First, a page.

There’s no doubt that agriculture plays a vital role in Michigan’s economy. In April 2012, Michigan State University researchers announced that the food and agriculture supply chain shows the industry contributes an estimated $91.4 billion to Michigan’s economy—an increase of nearly 50 percent from 2004 to 2010. Whether it’s wacky weather or government regulations, agriculture’s changing climate continues to challenge Michigan farmers. That’s why Michigan State University Extension is bringing together farmers and agricultural professionals with interests in various major agricultural commodities to learn more about the changes on the horizon at the Growing Michigan Agriculture Conference.
Recruiting, Hiring and Keeping Topnotch Labor
Bernie Erven, PhD, The Ohio State University
Managers are challenged with finding and keeping quality employees. No simple recipe makes it easy. This session focuses on the ingredients for hiring success: step-by step planning of the hiring process, attracting qualified applicants, interviewing with confidence, checking references, selecting the right people to fit the needs of the business and ideas to help keep good people after a big investment in them. We’ll also address the ever-changing needs of agriculture, new hiring tools, new skills needed to “up your manager game” and strong competition from other
Emerging Food Safety Issues: What are the opportunities?
Dr. Julie Funk, DVM, Michigan State University College of Veterinary Medicine
Emerging food safety issues will increase scrutiny and provide opportunities for how food is produced, distributed, processed and prepared in the future. Funk will highlight new and emerging food safety issues that impact Michigan agricultural businesses. Changes in the food industry structure, farm size, food company demographics, sources of food in the United States and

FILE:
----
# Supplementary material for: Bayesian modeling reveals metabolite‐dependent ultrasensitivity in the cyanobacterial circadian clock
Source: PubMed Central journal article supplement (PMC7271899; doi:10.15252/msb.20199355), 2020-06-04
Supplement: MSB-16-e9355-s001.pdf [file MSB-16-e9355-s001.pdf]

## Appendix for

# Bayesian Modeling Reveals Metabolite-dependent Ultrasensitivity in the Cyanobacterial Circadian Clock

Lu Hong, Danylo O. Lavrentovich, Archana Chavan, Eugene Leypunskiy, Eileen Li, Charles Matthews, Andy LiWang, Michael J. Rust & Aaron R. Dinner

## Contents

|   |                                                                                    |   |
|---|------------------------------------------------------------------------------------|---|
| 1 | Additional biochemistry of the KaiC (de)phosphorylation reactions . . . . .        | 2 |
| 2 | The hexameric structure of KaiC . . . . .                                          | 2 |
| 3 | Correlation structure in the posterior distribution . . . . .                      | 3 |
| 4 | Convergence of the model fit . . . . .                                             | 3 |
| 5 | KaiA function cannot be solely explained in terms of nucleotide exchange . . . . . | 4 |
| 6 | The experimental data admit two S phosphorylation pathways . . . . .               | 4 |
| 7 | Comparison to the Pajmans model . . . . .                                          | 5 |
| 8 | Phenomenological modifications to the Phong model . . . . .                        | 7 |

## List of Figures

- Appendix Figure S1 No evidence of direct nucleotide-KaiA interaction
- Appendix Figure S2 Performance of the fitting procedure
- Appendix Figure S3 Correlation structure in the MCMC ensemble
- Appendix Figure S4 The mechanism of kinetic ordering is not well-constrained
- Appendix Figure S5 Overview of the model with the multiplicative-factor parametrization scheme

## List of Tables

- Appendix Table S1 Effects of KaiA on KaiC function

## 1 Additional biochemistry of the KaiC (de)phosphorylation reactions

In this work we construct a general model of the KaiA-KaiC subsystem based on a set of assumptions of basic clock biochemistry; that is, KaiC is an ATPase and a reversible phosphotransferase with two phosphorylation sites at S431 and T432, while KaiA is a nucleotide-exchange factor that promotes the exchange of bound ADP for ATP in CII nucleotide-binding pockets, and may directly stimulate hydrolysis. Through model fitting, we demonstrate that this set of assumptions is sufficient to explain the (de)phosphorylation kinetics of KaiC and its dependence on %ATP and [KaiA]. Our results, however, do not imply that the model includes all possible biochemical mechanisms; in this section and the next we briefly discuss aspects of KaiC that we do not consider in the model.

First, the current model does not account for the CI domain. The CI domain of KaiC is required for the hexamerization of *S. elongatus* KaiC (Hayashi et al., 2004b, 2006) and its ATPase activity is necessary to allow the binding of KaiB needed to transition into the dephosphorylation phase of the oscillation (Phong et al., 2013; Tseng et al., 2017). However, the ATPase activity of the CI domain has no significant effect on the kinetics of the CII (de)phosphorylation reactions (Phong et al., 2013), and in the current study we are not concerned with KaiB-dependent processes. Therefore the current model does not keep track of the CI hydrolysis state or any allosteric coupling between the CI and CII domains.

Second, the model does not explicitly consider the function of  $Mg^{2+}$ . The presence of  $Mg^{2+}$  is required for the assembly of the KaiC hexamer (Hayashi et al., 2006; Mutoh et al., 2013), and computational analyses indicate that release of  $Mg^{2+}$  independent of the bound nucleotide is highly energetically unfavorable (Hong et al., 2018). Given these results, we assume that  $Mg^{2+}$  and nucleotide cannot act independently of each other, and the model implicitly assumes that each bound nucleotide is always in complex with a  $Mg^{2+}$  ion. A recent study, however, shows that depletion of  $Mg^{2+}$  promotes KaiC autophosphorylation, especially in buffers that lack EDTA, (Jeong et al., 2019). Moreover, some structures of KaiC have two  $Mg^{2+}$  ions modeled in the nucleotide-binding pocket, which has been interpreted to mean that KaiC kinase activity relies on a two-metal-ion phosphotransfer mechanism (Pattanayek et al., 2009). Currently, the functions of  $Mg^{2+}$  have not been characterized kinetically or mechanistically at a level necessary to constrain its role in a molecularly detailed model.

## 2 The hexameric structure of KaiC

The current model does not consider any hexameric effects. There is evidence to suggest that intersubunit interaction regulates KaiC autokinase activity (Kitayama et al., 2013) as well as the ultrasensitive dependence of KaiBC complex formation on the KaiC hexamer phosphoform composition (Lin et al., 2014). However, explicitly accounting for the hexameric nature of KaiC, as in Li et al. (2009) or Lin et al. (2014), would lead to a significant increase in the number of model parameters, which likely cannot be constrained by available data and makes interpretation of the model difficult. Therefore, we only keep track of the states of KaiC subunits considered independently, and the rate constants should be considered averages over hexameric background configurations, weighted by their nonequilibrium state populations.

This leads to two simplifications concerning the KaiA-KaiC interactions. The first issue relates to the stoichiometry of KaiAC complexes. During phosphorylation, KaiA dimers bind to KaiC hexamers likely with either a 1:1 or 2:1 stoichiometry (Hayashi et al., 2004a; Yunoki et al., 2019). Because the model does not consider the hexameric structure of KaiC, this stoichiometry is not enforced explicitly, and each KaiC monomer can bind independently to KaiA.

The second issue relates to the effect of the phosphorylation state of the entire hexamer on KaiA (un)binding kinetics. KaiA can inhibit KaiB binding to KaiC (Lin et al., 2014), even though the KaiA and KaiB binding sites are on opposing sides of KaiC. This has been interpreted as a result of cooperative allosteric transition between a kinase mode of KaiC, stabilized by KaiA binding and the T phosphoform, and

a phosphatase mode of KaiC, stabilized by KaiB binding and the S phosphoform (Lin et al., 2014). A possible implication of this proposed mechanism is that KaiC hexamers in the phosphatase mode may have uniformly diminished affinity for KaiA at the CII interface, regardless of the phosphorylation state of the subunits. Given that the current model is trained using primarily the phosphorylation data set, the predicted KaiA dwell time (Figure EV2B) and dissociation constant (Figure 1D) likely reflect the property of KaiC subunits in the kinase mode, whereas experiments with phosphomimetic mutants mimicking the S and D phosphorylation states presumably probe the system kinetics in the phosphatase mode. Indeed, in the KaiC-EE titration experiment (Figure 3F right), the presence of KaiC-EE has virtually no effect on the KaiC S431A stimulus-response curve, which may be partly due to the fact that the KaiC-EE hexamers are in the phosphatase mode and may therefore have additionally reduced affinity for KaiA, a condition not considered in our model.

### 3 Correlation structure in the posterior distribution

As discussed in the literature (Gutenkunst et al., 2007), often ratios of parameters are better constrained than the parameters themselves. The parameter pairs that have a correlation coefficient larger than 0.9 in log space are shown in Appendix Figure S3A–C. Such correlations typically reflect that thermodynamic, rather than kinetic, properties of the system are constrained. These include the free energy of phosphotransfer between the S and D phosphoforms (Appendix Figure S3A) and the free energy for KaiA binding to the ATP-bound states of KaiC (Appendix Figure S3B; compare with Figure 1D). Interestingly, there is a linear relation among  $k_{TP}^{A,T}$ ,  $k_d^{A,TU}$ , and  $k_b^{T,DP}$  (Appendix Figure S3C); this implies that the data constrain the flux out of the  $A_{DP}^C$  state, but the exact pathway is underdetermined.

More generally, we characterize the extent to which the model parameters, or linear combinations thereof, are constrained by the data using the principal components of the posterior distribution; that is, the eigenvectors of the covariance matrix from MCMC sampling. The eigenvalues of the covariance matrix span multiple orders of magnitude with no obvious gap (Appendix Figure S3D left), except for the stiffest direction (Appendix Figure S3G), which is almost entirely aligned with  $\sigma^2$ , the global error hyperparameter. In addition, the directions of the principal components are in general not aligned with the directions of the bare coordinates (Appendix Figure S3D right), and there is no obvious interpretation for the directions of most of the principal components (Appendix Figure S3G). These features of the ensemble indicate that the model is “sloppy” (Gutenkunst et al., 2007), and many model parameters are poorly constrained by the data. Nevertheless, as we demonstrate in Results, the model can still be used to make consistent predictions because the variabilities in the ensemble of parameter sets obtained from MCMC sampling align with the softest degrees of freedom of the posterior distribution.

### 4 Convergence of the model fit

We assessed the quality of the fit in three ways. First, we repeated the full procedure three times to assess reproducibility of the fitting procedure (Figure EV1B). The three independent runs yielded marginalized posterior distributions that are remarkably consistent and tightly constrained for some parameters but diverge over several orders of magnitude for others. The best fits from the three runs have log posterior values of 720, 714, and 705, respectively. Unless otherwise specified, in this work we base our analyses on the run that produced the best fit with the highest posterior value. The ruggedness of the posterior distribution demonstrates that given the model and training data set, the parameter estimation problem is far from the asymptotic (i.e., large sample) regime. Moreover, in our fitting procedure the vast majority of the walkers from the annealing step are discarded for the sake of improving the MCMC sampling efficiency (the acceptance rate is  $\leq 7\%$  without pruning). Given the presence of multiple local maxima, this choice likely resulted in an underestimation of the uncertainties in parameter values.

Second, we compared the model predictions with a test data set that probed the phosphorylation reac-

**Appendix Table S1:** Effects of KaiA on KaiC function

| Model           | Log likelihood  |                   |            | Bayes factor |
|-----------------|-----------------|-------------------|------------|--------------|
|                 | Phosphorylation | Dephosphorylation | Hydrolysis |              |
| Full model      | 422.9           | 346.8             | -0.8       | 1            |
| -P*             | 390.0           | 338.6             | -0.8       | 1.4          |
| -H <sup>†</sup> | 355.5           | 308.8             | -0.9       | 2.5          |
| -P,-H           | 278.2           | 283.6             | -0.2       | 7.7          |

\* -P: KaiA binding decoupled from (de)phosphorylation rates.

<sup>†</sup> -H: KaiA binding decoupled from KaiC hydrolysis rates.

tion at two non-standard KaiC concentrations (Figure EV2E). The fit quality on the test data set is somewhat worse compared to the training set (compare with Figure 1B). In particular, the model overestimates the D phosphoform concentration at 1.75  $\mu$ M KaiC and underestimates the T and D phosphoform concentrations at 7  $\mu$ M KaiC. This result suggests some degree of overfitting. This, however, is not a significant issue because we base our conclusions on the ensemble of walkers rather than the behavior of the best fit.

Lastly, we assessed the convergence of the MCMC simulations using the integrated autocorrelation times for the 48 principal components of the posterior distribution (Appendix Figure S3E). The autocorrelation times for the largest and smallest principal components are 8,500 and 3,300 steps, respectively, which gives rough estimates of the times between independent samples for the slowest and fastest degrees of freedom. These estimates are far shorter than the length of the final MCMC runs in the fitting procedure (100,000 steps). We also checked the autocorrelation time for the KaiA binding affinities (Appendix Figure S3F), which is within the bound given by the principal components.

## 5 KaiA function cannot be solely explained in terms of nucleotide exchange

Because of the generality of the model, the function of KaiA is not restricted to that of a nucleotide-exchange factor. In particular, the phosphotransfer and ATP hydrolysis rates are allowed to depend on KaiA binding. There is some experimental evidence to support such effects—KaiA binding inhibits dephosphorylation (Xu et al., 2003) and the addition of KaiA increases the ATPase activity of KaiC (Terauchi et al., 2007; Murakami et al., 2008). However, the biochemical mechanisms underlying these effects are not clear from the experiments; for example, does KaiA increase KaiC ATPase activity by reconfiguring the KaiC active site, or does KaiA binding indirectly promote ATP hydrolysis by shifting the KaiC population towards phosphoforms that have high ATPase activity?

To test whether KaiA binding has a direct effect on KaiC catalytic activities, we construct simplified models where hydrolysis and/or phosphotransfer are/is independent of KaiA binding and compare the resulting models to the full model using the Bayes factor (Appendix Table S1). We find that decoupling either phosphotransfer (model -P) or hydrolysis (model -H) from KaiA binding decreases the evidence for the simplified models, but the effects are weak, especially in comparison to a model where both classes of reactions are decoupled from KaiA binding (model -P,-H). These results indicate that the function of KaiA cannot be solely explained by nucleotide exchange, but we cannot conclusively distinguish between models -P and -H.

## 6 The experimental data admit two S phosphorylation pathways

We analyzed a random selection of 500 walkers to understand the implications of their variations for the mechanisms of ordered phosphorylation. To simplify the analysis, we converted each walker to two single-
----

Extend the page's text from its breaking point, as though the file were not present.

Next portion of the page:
consumer demographics impact food safety. With improved diagnostics and surveillance will likely result in increased detection of outbreaks. You will learn about the Food Safety Modernization Act, increasing scrutiny of on-farm practices, food fraud, impacts of food safety incidents on economics, private standards and public standards and human capital needs.
Precision Ag Technology
Joe Luck, PhD, University of Nebraska-Lincoln
Modern production agriculture continues to incorporate new technologies into everyday practice with tools like GPS and RTK satellite navagation. The ability to apply information from technology becomes the key for gaining efficiencies and greater profits. Learn what the future holds concerning advancements in technology for whole farm management.
Considering What We’ve Just Heard Round-table discussion
Managing soil to improve infiltration and water holding capacity
Donald Reicosky, PhD, Soil Scientist Emeritus, USDAARS
Soil is the farmer’s greatest resource. Regardless of soil type, farmers need soils that allow the water to infiltrate quickly and then hold moisture in the soil profile.Reicosky’s research involved describing crop response and water use on conventional till and no-till systems with and without irrigation. His more current work focuses on tillage and residue management in cropping systems. Reicosky has spoken to farmer groups around the world, sharing his knowledge of carbon management to improve soil quality.
Feeds, Price and Volatility
MSU Extension Specialist Team, Agricultural, Food, and Resource Economics and Animal Science
In food animal production, now is an important time to discuss strategic and global perspective of feed availability, volatile feed costs and price received, variable feed quality, increasing on-farm storage capabilities, exports, and a structurally-changing global feed industry.
Lessons from the 2012 Growing Season
The only constant is change. This theme rang true in the 2012 growing season when parts of Michigan received adequate to excess rain while others suffered from extreme drought. A panel of Michigan farmers will addressvmanagement practices they have implemented over time, and discuss how these practice responded to the variable conditions of 2012.
Registration is $50 per person.
Registration begins at 8 a.m. The program runs from 9 a.m. - 4:30 p.m.
If you have any questions regarding sponsorship opportunities for the Growing Michigan Agriculture Conference, please contact Megghan Honke at (517) 353-3175 ext. 229, or firstname.lastname@example.org.